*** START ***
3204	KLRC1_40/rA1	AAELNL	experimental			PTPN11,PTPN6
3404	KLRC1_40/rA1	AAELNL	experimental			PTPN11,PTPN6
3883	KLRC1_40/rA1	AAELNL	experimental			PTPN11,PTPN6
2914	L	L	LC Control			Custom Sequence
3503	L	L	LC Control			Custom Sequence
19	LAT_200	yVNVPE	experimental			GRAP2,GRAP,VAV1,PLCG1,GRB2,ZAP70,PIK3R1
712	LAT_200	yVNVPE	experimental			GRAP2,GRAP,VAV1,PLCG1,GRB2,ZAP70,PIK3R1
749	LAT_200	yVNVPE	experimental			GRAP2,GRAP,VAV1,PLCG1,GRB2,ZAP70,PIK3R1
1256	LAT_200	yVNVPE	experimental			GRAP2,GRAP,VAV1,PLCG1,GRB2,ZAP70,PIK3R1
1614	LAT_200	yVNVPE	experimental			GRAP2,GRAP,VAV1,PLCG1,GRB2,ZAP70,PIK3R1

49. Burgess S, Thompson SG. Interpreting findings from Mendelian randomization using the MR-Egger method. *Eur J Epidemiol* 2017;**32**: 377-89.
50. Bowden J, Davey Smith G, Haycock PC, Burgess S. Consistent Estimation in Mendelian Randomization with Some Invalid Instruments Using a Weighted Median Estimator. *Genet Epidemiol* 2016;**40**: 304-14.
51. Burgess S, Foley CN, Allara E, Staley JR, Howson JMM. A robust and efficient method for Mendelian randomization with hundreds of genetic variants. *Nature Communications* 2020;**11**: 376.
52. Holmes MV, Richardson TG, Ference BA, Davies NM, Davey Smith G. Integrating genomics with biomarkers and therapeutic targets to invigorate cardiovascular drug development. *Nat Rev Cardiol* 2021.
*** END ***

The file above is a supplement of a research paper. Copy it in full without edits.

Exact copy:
3204	KLRC1_40/rA1	AAELNL	experimental			PTPN11,PTPN6
3404	KLRC1_40/rA1	AAELNL	experimental			PTPN11,PTPN6
3883	KLRC1_40/rA1	AAELNL	experimental			PTPN11,PTPN6
2914	L	L	LC Control			Custom Sequence
3503	L	L	LC Control			Custom Sequence
19	LAT_200	yVNVPE	experimental			GRAP2,GRAP,VAV1,PLCG1,GRB2,ZAP70,PIK3R1
712	LAT_200	yVNVPE	experimental			GRAP2,GRAP,VAV1,PLCG1,GRB2,ZAP70,PIK3R1
749	LAT_200	yVNVPE	experimental			GRAP2,GRAP,VAV1,PLCG1,GRB2,ZAP70,PIK3R1
1256	LAT_200	yVNVPE	experimental			GRAP2,GRAP,VAV1,PLCG1,GRB2,ZAP70,PIK3R1
1614	LAT_200	yVNVPE	experimental			GRAP2,GRAP,VAV1,PLCG1,GRB2,ZAP70,PIK3R1

49. Burgess S, Thompson SG. Interpreting findings from Mendelian randomization using the MR-Egger method. *Eur J Epidemiol* 2017;**32**: 377-89.
50. Bowden J, Davey Smith G, Haycock PC, Burgess S. Consistent Estimation in Mendelian Randomization with Some Invalid Instruments Using a Weighted Median Estimator. *Genet Epidemiol* 2016;**40**: 304-14.
51. Burgess S, Foley CN, Allara E, Staley JR, Howson JMM. A robust and efficient method for Mendelian randomization with hundreds of genetic variants. *Nature Communications* 2020;**11**: 376.
52. Holmes MV, Richardson TG, Ference BA, Davies NM, Davey Smith G. Integrating genomics with biomarkers and therapeutic targets to invigorate cardiovascular drug development. *Nat Rev Cardiol* 2021.